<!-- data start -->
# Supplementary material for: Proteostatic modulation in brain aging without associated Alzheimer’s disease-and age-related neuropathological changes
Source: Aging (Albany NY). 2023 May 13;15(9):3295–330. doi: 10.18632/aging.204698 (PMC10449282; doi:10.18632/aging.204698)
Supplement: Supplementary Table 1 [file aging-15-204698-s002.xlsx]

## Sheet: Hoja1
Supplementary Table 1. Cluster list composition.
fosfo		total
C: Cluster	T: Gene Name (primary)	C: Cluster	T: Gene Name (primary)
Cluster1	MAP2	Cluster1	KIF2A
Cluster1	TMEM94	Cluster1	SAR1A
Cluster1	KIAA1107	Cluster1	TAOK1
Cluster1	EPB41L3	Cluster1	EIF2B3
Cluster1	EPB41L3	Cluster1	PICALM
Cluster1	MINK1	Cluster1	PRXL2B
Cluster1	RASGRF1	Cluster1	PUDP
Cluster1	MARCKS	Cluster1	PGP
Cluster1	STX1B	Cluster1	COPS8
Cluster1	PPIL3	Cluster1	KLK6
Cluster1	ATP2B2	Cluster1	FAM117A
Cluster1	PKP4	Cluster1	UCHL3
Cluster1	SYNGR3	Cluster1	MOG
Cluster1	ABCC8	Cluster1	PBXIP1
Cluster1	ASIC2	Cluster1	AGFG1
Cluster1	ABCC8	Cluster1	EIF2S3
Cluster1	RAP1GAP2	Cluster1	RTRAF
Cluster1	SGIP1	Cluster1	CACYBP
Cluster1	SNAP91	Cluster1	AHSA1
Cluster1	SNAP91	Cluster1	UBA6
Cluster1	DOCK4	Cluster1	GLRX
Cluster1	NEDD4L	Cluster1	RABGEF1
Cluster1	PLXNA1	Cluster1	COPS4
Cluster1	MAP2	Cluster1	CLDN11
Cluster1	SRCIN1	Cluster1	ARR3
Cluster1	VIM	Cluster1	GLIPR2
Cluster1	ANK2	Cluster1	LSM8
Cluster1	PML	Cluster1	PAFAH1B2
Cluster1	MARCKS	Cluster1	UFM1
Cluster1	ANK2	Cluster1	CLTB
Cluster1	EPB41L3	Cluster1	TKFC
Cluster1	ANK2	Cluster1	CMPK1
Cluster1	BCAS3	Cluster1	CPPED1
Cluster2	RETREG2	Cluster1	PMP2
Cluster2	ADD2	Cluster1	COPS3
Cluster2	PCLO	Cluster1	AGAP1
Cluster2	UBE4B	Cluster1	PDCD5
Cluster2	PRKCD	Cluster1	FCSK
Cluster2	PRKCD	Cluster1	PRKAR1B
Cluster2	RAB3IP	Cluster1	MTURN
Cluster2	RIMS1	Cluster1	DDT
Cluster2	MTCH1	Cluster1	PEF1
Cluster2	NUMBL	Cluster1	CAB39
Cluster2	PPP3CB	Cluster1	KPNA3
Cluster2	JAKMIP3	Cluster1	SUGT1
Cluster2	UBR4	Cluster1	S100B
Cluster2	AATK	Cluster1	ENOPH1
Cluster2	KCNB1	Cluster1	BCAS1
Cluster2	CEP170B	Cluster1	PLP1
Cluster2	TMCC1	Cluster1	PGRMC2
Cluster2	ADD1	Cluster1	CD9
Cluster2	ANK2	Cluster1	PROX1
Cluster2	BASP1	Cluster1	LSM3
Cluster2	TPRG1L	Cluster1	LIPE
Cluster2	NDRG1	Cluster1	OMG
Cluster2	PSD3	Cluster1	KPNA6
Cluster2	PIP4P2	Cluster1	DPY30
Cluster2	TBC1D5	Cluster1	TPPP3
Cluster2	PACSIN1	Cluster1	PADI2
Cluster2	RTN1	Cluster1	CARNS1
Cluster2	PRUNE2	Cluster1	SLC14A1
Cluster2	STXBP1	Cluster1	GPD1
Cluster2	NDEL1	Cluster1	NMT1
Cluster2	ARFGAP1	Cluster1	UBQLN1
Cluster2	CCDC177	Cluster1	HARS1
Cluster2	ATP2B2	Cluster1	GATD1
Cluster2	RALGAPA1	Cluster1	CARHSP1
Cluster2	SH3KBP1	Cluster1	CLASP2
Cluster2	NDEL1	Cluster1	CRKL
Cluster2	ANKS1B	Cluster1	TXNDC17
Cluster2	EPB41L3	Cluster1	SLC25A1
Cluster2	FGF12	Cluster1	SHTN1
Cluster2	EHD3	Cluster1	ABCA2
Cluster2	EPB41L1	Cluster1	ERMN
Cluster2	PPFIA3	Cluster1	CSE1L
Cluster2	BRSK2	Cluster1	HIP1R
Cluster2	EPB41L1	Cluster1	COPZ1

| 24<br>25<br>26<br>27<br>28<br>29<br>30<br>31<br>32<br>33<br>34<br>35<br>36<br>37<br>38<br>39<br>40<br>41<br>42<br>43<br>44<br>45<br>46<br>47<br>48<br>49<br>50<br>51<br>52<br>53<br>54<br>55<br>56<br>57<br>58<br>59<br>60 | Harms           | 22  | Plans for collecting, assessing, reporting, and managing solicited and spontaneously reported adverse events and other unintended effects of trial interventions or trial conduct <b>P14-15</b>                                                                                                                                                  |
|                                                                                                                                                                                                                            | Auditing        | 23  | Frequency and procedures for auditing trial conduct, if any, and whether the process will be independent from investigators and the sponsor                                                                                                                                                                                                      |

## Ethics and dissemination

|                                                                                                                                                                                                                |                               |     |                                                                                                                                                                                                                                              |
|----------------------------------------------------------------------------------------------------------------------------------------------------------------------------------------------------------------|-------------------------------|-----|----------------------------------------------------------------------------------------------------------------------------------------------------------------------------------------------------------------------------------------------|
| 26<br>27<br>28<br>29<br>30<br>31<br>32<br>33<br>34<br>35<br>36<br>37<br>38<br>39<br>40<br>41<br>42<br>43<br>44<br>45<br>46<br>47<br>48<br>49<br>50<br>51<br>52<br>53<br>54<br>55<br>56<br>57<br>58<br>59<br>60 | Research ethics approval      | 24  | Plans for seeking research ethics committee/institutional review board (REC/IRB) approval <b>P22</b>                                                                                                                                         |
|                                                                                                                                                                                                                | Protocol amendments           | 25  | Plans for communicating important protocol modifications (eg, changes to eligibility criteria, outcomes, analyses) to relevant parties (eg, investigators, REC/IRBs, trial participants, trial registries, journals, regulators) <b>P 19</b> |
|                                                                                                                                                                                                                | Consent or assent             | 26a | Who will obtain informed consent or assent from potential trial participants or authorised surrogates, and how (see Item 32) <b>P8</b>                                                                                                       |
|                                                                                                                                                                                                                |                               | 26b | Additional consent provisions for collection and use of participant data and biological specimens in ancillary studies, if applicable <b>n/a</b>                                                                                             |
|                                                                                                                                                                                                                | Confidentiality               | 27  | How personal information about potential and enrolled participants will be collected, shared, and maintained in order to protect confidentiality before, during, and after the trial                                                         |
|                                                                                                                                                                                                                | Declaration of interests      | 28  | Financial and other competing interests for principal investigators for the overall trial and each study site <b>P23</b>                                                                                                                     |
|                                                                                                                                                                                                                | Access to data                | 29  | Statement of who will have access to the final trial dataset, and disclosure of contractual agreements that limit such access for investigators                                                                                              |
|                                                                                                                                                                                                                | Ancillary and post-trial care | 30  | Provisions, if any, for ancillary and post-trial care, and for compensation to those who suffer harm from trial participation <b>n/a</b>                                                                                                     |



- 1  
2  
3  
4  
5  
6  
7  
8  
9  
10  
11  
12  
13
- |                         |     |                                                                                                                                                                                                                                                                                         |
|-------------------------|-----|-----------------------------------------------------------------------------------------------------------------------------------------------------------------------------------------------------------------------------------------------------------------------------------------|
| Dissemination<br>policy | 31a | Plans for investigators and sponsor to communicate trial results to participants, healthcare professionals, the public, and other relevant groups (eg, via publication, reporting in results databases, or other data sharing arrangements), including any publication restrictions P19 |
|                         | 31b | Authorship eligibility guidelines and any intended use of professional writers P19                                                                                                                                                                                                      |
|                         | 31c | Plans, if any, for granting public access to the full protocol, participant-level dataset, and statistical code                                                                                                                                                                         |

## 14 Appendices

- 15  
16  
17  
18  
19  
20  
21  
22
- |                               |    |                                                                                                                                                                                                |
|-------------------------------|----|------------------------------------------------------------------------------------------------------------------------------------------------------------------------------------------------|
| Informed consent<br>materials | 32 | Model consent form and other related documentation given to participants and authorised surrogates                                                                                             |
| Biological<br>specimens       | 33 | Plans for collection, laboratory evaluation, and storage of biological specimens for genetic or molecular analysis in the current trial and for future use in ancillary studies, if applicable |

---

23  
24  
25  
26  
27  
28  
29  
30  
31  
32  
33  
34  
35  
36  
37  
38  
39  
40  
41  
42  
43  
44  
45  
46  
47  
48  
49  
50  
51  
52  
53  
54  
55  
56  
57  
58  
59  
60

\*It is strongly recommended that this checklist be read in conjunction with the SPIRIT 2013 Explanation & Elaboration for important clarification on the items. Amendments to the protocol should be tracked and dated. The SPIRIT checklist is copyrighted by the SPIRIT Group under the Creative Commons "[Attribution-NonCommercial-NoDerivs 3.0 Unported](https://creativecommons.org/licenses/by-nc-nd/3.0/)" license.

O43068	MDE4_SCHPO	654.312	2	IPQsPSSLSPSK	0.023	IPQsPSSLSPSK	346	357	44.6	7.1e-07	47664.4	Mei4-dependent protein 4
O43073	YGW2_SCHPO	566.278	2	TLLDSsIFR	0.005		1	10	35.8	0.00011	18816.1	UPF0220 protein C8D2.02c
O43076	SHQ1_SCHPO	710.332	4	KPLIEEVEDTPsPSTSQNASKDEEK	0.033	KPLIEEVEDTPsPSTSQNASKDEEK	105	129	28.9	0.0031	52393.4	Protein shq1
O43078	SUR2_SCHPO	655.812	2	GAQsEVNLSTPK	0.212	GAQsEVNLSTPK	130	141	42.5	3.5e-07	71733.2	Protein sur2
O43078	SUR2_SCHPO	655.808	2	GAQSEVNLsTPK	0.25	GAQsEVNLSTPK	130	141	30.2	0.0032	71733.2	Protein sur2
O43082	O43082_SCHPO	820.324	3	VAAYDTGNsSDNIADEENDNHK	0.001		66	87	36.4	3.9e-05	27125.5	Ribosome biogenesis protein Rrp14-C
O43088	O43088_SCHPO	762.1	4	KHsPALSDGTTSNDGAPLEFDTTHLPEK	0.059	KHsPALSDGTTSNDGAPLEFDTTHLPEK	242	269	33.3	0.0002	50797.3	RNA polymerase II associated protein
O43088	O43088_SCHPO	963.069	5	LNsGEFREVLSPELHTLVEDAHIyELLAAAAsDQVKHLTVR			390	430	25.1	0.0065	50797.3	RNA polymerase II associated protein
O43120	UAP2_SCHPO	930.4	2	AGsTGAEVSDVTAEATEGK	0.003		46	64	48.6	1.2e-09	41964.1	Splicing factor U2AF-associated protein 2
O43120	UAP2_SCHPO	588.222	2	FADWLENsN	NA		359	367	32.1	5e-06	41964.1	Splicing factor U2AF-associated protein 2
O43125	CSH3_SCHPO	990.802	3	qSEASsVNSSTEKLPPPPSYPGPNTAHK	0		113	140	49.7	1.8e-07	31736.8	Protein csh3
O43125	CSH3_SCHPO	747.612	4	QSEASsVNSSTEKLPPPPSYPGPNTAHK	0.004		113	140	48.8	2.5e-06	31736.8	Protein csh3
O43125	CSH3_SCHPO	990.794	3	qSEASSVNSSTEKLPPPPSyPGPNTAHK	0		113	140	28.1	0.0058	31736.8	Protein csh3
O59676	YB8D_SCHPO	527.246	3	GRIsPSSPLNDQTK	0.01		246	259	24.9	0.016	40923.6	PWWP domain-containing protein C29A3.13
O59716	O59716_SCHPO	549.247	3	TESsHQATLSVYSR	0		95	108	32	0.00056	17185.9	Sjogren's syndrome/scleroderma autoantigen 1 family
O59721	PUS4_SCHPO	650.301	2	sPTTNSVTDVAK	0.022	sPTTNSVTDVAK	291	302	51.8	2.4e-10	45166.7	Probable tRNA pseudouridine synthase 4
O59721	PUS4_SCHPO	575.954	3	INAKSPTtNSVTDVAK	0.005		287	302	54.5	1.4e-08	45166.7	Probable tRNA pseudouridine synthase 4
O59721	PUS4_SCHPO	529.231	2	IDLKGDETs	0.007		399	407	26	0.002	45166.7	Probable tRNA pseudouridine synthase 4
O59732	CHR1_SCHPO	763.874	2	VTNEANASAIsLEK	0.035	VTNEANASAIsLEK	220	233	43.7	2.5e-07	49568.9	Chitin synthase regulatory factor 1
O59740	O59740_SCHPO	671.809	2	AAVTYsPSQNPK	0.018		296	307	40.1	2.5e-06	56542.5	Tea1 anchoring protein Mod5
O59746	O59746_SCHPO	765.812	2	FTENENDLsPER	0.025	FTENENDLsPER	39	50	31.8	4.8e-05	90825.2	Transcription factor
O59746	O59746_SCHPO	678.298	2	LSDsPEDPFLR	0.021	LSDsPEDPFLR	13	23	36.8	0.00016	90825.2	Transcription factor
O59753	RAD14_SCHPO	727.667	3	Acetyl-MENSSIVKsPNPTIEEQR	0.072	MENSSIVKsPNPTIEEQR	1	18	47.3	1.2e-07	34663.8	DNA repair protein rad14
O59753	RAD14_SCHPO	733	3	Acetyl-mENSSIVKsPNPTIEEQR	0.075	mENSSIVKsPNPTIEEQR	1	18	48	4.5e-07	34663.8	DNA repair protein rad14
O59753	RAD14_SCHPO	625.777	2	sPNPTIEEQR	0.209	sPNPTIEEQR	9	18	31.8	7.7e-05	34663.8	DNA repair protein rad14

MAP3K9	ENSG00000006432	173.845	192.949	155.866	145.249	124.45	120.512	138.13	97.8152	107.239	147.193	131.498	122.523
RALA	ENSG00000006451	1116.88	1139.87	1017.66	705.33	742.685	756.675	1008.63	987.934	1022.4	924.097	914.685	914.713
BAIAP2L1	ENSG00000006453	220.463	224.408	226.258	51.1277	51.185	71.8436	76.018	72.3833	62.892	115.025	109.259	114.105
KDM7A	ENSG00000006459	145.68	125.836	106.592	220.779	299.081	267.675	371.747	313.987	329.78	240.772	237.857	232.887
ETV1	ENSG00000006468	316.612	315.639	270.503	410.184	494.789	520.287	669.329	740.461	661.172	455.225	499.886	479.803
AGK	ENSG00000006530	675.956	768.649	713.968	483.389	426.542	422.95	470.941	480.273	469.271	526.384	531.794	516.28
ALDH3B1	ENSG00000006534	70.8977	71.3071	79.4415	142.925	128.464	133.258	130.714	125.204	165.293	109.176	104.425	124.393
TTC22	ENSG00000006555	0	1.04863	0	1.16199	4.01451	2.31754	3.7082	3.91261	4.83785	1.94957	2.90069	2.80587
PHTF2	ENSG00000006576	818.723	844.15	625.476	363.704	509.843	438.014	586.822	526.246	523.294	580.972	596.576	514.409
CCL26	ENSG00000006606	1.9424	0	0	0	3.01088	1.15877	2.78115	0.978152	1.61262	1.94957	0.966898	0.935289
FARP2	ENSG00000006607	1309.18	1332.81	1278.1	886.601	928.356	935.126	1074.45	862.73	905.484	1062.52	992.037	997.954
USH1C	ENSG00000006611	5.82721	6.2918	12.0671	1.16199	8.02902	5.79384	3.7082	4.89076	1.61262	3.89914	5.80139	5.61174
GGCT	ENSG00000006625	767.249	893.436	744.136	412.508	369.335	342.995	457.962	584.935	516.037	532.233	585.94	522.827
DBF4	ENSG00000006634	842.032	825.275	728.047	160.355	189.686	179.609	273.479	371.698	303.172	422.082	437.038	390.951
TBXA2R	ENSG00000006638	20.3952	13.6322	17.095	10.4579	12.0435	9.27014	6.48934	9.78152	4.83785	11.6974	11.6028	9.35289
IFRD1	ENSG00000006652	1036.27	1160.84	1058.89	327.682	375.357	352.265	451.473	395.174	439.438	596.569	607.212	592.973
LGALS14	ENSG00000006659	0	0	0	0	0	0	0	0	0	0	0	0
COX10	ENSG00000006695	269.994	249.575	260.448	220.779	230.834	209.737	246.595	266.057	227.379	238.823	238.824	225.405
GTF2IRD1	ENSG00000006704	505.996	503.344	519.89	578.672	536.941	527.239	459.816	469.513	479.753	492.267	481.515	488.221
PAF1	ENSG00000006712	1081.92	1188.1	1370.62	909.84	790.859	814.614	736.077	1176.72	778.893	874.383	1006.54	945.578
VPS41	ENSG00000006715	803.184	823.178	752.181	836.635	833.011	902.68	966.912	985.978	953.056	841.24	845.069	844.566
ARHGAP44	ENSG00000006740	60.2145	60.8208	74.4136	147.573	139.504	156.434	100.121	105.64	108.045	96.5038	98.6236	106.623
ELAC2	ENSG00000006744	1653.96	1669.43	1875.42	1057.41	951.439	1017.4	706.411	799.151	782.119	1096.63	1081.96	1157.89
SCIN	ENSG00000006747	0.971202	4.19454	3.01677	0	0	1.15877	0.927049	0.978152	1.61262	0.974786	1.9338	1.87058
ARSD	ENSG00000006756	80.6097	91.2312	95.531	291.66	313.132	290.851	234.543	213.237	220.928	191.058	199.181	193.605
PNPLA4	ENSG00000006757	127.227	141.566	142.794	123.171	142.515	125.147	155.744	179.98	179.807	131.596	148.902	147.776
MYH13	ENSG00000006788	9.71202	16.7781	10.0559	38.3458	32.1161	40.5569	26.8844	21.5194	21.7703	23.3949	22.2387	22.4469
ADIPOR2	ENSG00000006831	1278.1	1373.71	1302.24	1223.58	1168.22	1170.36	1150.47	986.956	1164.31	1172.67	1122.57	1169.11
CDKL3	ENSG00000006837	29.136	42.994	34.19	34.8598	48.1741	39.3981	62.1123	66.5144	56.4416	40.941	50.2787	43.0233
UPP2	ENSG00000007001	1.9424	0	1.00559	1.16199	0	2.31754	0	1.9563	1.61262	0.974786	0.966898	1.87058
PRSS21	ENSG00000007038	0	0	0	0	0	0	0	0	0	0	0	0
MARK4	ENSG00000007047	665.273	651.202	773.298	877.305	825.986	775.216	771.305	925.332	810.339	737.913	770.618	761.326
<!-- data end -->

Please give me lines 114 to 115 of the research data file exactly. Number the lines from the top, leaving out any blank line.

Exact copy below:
|                         | 31b | Authorship eligibility guidelines and any intended use of professional writers P19                                                                                                                                                                                                      |
|                         | 31c | Plans, if any, for granting public access to the full protocol, participant-level dataset, and statistical code                                                                                                                                                                         |